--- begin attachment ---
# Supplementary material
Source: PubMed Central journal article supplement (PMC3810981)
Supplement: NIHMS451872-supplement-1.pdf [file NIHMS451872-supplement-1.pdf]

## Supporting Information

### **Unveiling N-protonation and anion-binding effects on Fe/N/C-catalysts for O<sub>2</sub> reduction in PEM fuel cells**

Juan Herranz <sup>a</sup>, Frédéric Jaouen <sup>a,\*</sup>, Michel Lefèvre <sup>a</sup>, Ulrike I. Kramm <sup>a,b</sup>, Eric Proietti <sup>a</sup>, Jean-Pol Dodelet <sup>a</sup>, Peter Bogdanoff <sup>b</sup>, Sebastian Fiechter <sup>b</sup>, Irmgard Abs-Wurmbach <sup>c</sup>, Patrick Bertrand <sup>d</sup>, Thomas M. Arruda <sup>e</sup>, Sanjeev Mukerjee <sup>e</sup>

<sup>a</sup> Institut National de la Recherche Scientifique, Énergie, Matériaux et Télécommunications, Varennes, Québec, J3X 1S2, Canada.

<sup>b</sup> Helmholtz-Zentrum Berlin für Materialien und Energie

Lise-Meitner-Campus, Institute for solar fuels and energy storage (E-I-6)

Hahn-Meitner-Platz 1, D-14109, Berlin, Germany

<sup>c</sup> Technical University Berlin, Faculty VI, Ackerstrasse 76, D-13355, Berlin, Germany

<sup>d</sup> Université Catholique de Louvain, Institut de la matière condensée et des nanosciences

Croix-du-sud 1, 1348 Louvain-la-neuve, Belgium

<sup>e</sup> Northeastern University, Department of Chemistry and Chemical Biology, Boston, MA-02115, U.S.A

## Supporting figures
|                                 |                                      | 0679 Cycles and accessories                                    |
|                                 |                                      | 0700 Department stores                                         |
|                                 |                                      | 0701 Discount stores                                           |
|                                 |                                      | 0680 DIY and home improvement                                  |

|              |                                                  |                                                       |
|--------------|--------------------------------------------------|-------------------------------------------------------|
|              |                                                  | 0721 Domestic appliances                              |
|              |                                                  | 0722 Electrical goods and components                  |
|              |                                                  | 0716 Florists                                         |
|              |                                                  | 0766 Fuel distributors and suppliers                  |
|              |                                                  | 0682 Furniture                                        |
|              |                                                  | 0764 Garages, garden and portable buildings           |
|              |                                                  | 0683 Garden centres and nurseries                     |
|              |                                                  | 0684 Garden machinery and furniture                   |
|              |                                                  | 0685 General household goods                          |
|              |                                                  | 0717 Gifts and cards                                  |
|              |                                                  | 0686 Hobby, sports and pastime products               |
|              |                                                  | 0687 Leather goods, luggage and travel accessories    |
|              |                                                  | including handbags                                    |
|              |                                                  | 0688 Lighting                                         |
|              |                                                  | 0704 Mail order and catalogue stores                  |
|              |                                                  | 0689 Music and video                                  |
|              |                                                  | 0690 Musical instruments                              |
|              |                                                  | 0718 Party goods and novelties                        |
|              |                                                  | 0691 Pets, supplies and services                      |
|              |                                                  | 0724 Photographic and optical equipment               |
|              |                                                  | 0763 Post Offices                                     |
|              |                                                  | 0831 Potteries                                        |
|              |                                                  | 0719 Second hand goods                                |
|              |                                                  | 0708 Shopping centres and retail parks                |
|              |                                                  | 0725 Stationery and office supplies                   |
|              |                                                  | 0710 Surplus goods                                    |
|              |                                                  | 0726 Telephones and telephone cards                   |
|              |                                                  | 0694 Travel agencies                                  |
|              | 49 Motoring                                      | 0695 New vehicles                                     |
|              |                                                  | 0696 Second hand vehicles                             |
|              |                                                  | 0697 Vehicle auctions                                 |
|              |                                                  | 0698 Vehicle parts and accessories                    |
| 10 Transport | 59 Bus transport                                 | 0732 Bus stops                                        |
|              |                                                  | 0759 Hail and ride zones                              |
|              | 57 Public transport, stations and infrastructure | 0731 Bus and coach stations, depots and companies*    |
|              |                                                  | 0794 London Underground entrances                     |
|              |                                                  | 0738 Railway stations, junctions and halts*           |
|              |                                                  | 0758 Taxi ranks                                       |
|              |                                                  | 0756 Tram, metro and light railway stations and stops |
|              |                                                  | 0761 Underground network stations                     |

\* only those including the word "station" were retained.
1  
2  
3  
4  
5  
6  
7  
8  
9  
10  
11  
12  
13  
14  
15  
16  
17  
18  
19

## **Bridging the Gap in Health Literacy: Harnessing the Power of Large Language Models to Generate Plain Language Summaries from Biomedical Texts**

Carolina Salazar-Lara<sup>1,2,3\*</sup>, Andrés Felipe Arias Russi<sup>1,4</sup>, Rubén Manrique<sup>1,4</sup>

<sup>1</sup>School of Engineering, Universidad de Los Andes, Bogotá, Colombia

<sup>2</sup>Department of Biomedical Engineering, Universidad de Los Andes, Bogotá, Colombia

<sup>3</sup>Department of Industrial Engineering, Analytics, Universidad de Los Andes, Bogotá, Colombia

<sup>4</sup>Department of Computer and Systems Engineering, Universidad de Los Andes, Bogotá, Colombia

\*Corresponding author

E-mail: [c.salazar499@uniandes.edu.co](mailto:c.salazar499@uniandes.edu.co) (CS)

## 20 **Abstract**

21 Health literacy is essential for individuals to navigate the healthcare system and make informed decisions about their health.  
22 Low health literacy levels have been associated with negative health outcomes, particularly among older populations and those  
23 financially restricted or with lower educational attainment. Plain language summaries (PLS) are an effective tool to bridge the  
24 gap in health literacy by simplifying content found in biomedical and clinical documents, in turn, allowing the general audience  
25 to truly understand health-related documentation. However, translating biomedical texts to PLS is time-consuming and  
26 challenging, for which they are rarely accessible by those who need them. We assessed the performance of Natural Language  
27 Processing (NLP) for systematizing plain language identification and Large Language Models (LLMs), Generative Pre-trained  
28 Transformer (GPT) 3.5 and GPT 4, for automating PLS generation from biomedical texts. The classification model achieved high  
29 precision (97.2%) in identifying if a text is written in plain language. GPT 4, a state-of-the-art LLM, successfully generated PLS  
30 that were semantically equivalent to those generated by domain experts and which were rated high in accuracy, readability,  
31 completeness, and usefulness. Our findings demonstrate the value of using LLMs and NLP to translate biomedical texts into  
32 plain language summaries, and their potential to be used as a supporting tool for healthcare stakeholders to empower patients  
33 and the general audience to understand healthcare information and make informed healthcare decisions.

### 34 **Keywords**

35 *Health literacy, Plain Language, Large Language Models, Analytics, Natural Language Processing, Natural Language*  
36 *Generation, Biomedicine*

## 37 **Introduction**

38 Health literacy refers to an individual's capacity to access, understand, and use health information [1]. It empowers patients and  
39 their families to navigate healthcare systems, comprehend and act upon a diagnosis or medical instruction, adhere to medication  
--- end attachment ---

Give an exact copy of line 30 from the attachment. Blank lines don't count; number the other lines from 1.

|              |                                                  | 0685 General household goods                          |